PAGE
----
Cultural and Museum Studies, University of Birmingham
Asexuality – referring to people who experience little-to-no sexual attraction is often considered to be the ‘invisible orientation’ for its lack of visibility in society. Similarly, asexuality has been invisible within the media, although in recent years a handful of asexual representations on British television have appeared. These representations often stereotype and misrepresent asexuality, typically offering asexual narratives limited screen time, and restricting asexual characters to young, white, cisgender people who are interested in romance, and ignoring other asexual possibilities. Nonetheless, these representations are meaningful to audiences watching them, be it non-asexual audiences who may be learning about asexuality for the first time, or asexuals seeing themselves represented on screen.
Representations of minority groups have always been important, and the impact these representations have on the communities they are representing is even more so, shaping both how a minority group views themselves, as well as how others view them. However, whilst audience research has been conducted within the queer community, asexual audiences again have remained almost invisible. My research, therefore, proposes to be the first empirical study of asexual audience perspectives regarding asexual representations through exploratory mixed methods research (questionnaires and interviews).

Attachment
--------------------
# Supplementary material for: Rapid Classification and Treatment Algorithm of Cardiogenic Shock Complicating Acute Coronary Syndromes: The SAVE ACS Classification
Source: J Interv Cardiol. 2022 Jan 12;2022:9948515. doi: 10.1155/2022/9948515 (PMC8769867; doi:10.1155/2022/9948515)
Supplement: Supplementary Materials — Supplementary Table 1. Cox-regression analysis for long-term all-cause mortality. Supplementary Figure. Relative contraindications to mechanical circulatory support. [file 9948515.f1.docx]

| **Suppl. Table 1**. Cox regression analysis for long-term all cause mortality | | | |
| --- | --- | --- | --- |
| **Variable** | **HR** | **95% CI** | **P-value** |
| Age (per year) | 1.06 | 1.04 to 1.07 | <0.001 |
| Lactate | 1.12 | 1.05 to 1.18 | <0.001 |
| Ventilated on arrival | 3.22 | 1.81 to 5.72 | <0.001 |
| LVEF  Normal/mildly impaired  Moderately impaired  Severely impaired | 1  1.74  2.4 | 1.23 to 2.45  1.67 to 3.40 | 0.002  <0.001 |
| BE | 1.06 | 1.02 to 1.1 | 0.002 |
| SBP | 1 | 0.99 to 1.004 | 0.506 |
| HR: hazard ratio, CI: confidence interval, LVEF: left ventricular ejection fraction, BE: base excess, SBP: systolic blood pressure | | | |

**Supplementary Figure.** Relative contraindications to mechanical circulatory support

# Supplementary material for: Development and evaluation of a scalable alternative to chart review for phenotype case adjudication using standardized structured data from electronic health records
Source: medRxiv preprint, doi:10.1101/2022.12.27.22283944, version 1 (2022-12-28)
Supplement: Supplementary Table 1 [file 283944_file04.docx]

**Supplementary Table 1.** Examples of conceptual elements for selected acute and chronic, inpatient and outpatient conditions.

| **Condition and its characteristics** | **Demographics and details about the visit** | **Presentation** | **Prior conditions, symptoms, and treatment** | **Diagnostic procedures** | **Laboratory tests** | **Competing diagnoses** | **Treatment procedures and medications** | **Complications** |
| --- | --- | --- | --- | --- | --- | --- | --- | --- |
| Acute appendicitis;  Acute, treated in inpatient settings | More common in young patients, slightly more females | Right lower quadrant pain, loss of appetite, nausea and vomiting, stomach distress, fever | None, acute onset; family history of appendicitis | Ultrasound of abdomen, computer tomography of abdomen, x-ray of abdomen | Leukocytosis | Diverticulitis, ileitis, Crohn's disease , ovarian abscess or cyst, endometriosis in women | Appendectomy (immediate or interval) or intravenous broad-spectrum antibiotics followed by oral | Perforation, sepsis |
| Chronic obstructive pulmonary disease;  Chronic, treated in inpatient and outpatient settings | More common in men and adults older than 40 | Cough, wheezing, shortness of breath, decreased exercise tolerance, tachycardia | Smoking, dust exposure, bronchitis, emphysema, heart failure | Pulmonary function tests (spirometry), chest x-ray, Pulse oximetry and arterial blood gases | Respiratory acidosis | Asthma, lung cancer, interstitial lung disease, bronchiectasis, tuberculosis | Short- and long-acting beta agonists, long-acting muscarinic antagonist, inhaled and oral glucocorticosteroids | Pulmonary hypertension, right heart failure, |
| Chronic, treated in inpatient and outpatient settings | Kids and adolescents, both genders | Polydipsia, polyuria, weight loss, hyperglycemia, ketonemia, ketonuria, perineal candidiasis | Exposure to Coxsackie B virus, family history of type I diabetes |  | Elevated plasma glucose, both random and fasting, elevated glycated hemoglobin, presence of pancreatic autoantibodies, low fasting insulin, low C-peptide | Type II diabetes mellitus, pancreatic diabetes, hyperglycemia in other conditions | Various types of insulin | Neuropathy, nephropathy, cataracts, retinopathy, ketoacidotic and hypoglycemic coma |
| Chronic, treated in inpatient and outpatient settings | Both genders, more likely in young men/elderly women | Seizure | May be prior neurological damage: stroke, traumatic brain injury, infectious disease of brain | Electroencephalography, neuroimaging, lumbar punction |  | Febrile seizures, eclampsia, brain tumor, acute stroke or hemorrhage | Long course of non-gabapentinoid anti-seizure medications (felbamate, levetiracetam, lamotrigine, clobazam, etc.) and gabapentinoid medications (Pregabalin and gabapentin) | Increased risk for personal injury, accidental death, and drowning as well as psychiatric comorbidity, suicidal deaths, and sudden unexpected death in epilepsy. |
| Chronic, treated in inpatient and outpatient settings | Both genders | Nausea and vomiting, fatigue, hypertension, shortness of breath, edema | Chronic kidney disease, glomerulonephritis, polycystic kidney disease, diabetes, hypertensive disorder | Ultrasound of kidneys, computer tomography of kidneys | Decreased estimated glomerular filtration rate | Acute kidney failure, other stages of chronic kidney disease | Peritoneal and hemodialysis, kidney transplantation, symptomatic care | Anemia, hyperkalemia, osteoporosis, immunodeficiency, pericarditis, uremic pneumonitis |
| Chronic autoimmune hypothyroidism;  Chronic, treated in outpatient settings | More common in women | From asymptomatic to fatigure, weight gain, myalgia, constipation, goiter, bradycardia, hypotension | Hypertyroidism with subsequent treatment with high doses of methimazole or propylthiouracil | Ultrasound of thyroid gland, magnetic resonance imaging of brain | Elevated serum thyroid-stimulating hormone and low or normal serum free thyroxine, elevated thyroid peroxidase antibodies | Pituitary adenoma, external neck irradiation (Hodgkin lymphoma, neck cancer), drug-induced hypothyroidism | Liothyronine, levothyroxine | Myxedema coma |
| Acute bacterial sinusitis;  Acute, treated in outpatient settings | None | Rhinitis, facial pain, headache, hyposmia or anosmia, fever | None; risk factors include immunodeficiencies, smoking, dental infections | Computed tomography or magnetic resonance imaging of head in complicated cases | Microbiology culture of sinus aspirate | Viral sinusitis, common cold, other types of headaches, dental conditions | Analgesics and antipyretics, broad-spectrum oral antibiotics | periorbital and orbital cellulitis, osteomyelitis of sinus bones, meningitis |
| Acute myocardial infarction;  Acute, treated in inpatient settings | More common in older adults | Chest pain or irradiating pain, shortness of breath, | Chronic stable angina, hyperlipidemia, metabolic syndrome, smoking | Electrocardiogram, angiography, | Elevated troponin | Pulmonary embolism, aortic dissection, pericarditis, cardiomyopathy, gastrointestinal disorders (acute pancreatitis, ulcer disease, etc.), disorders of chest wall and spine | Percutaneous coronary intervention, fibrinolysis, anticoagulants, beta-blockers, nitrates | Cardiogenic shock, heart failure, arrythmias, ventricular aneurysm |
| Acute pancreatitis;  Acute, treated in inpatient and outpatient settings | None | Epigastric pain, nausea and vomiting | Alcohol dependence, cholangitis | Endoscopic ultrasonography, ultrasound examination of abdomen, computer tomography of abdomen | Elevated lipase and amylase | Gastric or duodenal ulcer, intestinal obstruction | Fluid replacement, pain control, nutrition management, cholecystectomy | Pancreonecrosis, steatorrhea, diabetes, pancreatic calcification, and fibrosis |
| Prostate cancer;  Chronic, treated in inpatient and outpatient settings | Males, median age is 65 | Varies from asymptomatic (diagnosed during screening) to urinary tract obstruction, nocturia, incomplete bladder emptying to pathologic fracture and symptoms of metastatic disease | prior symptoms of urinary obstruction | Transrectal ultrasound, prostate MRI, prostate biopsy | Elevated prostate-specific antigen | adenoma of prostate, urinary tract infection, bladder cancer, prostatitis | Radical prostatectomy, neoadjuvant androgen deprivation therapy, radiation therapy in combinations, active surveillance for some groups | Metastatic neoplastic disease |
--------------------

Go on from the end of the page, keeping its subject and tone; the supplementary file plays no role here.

Through this research, I aim to explore how asexual representations have impacted asexual communities by analysing asexual representations and experiences and offering a voice to an underrepresented community – a community that I identify within.